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Used Lathe - Yes or No??

Discussion in 'Getting Started' started by Dan C., Apr 8, 2010.

  1. Dan C.

    Dan C.

    Joined:
    Mar 19, 2010
    Messages:
    18
    Location (City & State):
    Northwest Ohio
    Hi all,

    I'm trying very hard to get into some turning, starting with small projects but hopefully moving up to small bowls and vessels. My funds are quite limited, and I want to make sure I optimize my tools with the least amount of money for now. (I'm trying to keep it under $600 for the lathe and all the necessary tools to get started) To test the waters, I'm considering getting an old style, 50's or 60's used cast iron lathe, without any of the bells and whistles of today's models.
    Aside from Electronic VS, are there other features that I'll truly miss on the old style? (Do they typically accept today's chucks and jaws, with morse tapers and all?) I don't want to end up disliking turning because I don't have the convenience of newer features, but also want to make sure I don't skimp on tools and chuck options because I splurged on the lathe. Is this a good way to get started, with the intent of upgrading in the next year or two, or is it best to learn on a newer machine?
    Any insight and/or experience is much appreciated!

    Dan
     
  2. Dave Moore

    Dave Moore

    Joined:
    May 9, 2009
    Messages:
    187
    Location (City & State):
    Crystal River Valley - Colorado
    Gosh, a lot of territory.
    Modern bells and whistles are great, but the fact remains that there has been world class work turned on all kinds of less-than-ideal equipment over the years, and still is to this very day.
    So you can enjoy turning on almost anything that's reasonably well made and is not falling apart, and you are unlikely to really miss conveniences that you have never as yet become accustomed to.
    Nothing wrong with used equipment, nothing at all, some of it being better than others obviously.
    Perhaps a decent approach might be to look and see what you can find in that market, get the manufacturer's model number, then ask about that specific unit on this forum. Almost certainly there will be someone who has used one in the past, or still does use one, and you can get down to specifics about spindle sizes and morse tapers and all that stuff.

    It's the same with tools, the new gee-whiz steels are really nice, but they're not cheap, and learning to sharpen in a way that will suit your emerging style of turning chews up a lot of steel. I always keep an eye out for used lathe tools in "junque" shops and the like, sometimes they're even the old carbon steel stuff from Sears or wherever, but they'll cut when sharp, and for a dollar or two it's a pretty inexpensive way to try some new idea. Inexpensive (relatively) high speed steel tools are also available new; they're not what you'll end up with, but they're fine to get rolling without breaking the bank.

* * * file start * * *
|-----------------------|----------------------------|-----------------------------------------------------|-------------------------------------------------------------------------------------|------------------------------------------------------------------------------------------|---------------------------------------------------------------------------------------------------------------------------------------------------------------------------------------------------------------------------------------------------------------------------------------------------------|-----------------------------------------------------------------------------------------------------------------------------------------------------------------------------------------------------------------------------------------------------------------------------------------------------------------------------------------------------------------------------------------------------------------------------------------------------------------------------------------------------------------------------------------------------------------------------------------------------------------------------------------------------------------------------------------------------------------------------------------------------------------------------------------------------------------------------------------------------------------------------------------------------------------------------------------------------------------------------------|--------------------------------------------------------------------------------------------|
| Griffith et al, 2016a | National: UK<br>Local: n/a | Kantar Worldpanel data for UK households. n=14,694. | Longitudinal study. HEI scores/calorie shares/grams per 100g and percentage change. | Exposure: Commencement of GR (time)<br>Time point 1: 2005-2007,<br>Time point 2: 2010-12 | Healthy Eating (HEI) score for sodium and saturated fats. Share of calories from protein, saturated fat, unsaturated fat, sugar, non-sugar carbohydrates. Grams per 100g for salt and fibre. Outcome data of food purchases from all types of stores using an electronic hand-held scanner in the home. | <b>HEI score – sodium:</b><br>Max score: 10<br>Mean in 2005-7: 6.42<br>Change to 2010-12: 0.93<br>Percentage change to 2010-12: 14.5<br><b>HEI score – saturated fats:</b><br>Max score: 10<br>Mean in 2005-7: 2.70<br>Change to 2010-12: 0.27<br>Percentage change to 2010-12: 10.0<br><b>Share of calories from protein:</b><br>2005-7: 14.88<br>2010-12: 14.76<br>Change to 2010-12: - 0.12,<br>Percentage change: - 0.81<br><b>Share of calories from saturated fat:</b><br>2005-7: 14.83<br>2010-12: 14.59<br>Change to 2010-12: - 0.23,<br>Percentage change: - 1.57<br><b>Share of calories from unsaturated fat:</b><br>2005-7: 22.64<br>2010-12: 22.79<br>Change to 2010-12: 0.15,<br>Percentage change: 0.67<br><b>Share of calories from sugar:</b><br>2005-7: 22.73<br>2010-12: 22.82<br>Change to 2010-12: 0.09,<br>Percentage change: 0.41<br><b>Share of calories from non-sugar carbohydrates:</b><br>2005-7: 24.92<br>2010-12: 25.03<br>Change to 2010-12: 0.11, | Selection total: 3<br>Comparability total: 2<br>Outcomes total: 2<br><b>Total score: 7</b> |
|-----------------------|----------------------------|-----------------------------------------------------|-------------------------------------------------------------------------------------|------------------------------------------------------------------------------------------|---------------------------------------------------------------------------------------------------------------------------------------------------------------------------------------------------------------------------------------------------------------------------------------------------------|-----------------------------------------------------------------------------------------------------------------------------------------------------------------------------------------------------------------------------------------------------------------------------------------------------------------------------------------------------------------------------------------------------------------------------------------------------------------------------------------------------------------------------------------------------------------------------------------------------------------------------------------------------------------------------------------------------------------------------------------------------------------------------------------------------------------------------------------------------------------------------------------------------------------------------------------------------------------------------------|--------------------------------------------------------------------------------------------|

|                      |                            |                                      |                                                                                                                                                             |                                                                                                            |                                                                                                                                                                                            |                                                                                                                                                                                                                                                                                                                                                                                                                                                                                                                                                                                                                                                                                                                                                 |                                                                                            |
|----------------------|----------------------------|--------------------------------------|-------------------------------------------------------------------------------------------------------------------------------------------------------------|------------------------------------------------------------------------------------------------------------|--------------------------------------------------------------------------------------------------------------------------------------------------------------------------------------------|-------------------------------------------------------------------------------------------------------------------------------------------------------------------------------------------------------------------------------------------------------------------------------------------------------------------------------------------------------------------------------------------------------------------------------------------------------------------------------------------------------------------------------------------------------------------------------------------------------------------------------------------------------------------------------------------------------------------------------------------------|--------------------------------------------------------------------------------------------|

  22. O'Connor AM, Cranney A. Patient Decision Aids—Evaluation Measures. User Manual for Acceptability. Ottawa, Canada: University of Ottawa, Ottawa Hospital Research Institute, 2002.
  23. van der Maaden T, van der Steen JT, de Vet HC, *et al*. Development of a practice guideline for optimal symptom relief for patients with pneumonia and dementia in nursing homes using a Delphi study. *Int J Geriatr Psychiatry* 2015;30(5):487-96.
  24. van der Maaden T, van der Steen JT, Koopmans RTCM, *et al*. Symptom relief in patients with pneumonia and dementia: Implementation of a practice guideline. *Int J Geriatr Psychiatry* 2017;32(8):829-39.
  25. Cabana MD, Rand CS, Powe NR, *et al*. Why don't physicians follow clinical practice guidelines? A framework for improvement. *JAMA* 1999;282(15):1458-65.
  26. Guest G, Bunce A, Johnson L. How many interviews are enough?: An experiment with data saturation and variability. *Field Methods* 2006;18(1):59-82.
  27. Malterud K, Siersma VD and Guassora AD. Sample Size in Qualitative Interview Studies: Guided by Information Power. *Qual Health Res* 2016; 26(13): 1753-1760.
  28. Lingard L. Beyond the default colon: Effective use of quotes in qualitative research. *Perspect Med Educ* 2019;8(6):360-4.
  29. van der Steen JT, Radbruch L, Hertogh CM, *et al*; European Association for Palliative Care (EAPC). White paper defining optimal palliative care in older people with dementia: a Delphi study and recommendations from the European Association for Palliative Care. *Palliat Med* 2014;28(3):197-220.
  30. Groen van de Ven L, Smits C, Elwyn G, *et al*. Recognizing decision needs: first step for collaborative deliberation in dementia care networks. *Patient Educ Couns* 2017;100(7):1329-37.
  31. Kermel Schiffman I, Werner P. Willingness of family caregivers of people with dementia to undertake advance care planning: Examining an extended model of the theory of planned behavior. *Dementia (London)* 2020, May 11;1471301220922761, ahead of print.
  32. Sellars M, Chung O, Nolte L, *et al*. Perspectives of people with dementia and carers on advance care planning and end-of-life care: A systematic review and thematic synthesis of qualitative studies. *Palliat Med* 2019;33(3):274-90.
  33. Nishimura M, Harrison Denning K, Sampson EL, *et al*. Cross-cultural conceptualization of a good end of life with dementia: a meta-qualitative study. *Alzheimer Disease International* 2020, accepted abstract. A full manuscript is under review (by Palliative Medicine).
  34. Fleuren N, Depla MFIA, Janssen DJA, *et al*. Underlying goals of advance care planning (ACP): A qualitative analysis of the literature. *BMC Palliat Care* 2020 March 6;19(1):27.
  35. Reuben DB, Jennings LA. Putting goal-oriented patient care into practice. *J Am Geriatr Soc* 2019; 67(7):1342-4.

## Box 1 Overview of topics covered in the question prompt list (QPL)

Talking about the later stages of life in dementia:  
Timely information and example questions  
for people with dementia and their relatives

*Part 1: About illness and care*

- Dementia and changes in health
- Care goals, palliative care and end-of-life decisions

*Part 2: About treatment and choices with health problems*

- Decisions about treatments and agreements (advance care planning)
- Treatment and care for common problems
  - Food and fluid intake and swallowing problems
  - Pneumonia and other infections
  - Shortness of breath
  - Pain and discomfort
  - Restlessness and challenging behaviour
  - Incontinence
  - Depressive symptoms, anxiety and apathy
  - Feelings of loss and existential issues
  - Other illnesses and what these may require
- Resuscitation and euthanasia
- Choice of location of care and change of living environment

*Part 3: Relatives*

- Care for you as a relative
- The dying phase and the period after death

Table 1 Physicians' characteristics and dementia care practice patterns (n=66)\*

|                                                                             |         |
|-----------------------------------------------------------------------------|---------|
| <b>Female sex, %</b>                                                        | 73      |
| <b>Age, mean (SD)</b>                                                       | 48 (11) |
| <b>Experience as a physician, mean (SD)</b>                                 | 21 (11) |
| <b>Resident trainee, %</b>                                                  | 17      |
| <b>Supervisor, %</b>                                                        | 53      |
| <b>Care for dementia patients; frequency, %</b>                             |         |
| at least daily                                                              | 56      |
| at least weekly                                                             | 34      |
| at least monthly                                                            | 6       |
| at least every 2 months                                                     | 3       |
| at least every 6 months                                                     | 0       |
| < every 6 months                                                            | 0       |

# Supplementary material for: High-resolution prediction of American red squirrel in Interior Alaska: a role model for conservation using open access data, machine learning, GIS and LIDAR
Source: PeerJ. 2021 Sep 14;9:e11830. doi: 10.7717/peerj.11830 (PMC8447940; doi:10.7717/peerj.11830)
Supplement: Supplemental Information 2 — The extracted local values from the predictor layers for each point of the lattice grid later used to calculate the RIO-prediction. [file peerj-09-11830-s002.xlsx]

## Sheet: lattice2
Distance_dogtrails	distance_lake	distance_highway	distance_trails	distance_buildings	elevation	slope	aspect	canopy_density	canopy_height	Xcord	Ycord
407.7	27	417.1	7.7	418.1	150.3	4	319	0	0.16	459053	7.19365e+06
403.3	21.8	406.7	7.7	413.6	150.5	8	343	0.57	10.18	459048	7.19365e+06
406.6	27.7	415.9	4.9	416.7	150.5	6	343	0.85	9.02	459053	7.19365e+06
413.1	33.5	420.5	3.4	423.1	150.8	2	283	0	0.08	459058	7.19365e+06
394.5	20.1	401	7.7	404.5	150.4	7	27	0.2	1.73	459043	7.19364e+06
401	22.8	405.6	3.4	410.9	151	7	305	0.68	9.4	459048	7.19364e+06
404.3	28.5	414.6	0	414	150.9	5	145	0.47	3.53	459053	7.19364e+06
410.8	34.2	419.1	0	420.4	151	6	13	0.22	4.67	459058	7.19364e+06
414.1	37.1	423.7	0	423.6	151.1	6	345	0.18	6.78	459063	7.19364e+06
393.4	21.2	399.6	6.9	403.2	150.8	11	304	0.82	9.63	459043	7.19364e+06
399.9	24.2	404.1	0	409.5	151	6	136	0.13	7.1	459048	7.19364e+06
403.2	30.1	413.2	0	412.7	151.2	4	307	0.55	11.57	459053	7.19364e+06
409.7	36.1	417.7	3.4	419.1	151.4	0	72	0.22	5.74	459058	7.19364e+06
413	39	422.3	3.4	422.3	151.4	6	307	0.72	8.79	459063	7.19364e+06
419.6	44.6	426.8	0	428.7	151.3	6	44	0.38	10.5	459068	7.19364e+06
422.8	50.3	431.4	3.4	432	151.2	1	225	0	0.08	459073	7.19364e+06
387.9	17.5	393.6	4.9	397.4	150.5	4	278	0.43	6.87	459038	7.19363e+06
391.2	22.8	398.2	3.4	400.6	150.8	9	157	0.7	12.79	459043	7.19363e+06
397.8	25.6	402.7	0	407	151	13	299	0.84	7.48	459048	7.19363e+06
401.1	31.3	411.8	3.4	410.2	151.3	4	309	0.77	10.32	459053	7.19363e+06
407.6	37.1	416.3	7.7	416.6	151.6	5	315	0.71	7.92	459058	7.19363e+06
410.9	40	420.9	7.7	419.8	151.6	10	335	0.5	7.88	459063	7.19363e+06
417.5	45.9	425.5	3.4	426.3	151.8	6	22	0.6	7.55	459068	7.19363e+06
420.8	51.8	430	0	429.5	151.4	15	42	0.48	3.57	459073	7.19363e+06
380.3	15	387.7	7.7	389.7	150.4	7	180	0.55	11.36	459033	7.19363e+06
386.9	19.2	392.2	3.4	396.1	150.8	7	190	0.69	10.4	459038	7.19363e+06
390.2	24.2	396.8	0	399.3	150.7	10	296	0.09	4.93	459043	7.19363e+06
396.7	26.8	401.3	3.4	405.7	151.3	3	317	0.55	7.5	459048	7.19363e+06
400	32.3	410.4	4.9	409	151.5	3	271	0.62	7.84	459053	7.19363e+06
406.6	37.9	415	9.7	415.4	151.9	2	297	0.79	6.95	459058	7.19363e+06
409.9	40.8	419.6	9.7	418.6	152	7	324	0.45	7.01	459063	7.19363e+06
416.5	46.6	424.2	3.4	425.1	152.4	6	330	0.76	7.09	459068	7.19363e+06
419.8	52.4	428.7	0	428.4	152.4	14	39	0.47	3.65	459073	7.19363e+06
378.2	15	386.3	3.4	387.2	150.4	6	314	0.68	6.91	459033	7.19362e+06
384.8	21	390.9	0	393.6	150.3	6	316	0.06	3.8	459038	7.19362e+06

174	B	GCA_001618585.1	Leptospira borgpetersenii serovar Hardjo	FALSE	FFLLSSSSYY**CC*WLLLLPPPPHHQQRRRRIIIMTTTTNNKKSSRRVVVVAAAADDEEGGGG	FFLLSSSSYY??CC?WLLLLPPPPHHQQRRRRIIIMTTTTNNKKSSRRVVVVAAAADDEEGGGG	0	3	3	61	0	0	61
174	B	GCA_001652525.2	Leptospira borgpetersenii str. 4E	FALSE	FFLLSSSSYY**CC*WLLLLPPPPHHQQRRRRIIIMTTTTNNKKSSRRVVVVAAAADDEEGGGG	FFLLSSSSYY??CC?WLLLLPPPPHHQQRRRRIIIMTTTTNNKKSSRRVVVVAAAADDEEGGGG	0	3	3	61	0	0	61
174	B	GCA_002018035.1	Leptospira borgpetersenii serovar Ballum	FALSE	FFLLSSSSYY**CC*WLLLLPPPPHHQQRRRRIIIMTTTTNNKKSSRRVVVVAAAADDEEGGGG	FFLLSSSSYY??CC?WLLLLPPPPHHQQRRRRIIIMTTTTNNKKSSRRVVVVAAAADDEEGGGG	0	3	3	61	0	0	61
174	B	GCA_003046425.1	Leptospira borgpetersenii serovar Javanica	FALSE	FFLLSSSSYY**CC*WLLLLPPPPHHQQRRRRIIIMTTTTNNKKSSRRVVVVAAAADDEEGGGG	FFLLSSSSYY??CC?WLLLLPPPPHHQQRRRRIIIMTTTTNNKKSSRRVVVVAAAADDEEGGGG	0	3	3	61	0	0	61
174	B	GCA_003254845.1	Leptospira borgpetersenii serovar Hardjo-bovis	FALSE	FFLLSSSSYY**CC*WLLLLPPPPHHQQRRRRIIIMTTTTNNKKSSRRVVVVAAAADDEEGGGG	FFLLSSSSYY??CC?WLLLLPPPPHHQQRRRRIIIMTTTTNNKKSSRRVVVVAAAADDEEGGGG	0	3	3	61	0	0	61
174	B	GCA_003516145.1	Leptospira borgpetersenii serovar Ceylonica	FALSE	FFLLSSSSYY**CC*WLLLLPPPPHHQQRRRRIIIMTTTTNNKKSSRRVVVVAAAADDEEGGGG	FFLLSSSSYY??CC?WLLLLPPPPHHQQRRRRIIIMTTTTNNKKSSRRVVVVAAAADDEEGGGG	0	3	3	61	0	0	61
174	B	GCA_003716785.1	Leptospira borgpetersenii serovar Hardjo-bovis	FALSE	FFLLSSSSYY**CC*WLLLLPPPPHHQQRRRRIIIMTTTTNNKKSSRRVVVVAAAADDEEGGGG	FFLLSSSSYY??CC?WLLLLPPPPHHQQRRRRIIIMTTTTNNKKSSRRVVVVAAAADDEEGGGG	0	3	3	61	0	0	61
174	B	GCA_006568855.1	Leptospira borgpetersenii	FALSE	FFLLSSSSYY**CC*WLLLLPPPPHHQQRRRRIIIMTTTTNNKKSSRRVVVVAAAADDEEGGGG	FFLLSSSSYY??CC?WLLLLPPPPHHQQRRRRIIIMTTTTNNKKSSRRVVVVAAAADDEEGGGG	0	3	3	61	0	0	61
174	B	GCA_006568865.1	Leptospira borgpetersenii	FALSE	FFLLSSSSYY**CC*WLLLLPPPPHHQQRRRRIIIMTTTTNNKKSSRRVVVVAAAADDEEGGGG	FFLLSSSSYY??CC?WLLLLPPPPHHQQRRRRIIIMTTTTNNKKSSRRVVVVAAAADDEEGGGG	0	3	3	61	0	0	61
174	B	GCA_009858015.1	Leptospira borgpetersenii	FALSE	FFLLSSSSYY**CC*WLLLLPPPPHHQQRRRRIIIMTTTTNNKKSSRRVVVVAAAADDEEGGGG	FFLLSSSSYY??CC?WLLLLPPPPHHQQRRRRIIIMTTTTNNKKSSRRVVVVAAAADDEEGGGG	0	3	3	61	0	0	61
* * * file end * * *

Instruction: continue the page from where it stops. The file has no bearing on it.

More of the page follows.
"Tool envy" is a serious disease, and can take the fun out of things if allowed to run the show. ;)

    If you are a member of AAW you can browse through every article ever written in the AAW journal right here online. Some of those articles were written when the "old" equipment you're now thinking of buying was in fact brand new, cutting edge even. There's a ton of information hidden away on those pages, especially about how things were done before much of the newer stuff was available.....modern chucks for example are great, but a lot of the older work we now admire so much was turned by people who never used one.

    See if there's an AAW club anywhere near you and go to meeting, visit with folks there. If there's anything for sale in the region they are more likely than anyone else to know about it.

    Happy hunting!
     
  3. john lucas

    john lucas AAW Forum Expert

    Joined:
    Apr 26, 2004
    Messages:
    7,413
    Location (City & State):
    Cookeville TN USA
    Dan If you can find one of the old cast iron flat bed lathes you will find they work quite well. I turned for years without things like chucks. I used a disc sander on the outboard side of the lathe to sharpen and also used the older high carbon steel tools. You don't really need all the fancy stuff to enjoy turning. Sure it helps and does make life easier and some operations are quicker, but you don't actually need them.
    My best friend turned for 30 or more years on one of the old Delta lathes with step pulleys. His Dad turned for 50 years professionally on one.
    Of course this comes from a guy who has 4 chucks, far too many tools, 4 grinders, and 5 or 6 lathes of various sizes. You do have to be aware that you can get addicted to this hobby.